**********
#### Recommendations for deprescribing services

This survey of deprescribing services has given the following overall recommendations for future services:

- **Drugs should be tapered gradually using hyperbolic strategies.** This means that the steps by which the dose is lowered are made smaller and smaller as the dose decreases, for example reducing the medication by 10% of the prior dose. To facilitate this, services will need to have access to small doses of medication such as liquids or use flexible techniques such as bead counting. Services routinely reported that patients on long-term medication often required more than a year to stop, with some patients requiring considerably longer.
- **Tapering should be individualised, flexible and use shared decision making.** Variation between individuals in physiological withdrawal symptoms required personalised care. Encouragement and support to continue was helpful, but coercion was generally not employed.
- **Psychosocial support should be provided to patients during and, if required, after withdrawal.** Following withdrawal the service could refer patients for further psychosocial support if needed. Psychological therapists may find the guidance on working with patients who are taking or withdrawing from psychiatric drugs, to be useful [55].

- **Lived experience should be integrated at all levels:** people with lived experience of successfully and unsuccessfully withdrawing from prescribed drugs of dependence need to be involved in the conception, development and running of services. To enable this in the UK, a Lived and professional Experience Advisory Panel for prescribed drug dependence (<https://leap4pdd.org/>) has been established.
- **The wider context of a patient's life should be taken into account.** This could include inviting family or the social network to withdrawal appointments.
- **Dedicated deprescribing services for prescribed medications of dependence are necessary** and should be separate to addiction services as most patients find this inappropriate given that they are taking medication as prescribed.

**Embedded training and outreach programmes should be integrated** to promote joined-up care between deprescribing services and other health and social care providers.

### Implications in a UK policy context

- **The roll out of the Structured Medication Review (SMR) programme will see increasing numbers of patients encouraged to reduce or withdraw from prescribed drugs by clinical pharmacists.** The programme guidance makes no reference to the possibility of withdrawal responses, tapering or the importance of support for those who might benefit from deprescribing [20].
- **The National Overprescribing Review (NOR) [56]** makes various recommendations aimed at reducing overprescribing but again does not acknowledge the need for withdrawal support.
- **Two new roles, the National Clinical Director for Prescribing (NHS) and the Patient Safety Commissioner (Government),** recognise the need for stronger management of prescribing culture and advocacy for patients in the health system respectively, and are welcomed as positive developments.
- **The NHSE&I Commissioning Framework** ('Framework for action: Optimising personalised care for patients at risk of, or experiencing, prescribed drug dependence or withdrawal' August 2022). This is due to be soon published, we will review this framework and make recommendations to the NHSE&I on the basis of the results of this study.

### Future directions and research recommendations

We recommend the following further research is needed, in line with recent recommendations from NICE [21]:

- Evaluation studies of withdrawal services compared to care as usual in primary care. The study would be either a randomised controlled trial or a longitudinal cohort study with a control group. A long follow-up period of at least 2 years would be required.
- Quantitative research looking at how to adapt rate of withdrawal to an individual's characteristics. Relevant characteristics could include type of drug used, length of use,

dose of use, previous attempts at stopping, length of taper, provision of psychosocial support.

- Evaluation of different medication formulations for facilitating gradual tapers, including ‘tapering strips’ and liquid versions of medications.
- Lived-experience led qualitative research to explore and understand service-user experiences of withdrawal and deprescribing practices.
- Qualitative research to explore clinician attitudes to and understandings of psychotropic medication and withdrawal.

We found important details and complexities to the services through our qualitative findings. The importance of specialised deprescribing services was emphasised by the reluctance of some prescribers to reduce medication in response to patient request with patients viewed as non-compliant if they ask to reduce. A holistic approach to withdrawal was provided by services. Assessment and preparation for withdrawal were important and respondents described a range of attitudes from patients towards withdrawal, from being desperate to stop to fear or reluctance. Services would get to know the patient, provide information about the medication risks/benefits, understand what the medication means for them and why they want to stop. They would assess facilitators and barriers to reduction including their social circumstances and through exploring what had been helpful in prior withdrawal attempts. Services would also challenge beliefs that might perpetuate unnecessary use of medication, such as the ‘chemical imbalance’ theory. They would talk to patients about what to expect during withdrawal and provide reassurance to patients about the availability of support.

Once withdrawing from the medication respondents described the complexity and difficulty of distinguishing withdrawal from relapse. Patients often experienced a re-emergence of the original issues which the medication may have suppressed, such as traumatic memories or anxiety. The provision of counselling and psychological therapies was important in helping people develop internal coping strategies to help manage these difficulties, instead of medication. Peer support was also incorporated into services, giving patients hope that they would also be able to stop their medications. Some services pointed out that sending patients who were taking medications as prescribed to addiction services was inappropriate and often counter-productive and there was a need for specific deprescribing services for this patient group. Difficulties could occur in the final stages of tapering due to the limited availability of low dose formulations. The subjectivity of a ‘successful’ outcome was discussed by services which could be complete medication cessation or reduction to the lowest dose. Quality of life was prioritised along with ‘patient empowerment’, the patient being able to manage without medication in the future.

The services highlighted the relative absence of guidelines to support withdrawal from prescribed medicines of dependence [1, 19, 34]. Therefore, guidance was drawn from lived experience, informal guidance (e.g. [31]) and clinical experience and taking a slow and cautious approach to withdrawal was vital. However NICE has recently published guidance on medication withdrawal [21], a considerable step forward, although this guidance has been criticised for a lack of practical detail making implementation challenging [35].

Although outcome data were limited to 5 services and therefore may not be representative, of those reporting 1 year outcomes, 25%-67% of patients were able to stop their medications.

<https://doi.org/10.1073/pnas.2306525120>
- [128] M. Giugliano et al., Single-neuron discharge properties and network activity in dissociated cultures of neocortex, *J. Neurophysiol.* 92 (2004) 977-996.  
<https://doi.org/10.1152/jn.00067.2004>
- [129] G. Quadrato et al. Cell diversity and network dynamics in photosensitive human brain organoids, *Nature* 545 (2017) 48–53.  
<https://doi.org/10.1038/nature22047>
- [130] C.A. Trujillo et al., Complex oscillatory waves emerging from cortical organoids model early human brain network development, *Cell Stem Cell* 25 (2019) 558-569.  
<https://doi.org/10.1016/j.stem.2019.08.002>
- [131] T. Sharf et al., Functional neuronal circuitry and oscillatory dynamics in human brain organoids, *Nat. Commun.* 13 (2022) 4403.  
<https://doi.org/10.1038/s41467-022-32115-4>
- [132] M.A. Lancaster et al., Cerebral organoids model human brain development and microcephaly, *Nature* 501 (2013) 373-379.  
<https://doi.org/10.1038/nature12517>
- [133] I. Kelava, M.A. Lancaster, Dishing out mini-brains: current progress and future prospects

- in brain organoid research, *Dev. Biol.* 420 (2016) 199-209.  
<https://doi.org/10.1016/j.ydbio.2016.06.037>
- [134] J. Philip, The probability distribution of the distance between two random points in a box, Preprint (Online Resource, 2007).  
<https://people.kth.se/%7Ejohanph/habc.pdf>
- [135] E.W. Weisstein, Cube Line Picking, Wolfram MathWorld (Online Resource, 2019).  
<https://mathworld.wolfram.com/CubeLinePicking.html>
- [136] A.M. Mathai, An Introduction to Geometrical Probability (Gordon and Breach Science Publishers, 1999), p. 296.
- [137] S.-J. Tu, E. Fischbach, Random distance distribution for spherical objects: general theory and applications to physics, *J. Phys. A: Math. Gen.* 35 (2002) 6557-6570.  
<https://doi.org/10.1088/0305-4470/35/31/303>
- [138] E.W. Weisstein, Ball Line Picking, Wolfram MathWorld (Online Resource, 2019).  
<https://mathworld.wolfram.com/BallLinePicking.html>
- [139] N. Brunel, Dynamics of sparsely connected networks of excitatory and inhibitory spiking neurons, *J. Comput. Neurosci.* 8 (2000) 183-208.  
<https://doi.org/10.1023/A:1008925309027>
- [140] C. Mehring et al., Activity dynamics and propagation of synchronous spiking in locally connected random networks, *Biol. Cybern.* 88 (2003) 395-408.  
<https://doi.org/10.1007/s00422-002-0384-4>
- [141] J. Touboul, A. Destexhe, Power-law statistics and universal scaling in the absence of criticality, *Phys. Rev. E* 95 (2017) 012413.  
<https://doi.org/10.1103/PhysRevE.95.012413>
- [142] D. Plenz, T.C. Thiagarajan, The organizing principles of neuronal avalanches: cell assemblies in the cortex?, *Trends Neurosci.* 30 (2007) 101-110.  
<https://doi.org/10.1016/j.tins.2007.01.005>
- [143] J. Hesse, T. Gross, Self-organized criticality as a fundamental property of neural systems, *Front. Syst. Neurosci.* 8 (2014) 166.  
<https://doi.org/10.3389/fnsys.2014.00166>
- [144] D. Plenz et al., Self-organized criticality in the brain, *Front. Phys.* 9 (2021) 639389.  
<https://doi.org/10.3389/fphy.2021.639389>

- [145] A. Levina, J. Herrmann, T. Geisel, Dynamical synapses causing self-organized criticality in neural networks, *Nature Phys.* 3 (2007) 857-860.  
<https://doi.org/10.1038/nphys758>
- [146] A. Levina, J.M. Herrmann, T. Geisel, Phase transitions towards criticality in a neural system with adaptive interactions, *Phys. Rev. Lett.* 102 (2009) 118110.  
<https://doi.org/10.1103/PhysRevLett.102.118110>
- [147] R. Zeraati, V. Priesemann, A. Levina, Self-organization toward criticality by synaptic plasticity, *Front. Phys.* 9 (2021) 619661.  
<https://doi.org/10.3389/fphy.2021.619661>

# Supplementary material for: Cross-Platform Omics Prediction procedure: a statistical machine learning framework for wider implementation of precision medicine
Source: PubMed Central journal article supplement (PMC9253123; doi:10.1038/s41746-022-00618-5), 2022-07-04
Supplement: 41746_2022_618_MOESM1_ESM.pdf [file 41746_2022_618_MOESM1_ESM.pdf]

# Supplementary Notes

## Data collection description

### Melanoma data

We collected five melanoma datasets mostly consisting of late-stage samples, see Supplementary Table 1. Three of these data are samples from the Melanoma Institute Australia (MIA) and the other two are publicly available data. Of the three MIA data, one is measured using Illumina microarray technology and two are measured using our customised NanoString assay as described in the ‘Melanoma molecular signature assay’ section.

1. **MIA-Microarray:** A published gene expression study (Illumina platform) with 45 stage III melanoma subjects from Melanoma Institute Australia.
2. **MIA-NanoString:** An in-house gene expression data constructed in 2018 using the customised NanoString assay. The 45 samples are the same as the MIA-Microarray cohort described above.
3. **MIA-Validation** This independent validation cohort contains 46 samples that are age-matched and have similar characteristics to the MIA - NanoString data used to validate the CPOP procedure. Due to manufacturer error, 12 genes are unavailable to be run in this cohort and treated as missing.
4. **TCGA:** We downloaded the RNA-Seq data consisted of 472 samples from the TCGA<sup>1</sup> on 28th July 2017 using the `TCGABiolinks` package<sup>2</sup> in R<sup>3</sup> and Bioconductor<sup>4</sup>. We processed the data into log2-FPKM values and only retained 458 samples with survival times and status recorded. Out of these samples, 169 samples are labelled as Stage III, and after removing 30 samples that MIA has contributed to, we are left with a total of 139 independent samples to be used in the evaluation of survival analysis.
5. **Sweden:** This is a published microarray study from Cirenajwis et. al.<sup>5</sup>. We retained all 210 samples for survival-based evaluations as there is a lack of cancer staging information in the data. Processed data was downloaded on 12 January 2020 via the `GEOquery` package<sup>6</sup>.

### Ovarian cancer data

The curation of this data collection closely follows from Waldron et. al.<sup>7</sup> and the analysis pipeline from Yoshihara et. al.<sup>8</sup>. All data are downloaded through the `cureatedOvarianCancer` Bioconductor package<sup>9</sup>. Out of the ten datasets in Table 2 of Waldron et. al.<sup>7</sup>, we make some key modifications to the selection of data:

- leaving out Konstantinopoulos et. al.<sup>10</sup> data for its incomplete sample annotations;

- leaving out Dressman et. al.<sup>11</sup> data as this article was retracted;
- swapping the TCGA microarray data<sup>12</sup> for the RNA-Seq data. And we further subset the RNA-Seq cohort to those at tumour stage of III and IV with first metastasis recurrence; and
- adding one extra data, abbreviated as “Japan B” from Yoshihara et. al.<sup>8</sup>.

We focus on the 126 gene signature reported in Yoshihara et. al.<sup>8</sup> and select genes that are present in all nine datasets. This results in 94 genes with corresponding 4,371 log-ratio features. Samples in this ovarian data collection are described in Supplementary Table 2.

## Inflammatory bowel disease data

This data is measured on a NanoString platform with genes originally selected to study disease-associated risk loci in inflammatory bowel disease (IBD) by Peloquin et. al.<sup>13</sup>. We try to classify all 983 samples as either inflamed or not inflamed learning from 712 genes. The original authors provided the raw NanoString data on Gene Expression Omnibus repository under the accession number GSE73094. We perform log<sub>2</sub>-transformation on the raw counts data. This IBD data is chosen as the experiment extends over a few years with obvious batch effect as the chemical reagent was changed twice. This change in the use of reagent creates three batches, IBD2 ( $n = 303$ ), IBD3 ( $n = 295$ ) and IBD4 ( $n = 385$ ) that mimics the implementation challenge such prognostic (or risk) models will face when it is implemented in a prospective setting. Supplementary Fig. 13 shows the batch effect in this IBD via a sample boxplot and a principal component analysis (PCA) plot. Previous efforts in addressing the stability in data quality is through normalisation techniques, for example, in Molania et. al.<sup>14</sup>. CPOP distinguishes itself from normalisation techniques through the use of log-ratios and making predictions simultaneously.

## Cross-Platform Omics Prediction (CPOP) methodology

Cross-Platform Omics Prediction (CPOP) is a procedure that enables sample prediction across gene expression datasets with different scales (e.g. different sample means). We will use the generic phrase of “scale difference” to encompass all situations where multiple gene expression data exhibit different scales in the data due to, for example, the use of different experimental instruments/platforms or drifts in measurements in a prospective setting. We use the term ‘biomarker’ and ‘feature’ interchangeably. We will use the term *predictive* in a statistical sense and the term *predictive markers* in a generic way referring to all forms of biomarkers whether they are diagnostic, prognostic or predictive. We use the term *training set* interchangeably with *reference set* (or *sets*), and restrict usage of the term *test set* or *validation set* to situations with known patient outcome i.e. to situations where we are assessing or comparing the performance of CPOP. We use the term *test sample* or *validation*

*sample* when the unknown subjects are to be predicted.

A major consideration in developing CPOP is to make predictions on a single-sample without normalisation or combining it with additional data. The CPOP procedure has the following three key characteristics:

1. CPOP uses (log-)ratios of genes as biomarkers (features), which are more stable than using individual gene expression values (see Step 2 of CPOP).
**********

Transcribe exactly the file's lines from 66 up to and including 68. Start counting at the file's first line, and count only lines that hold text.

- [147] R. Zeraati, V. Priesemann, A. Levina, Self-organization toward criticality by synaptic plasticity, *Front. Phys.* 9 (2021) 619661.  
<https://doi.org/10.3389/fphy.2021.619661>

# Supplementary material for: Cross-Platform Omics Prediction procedure: a statistical machine learning framework for wider implementation of precision medicine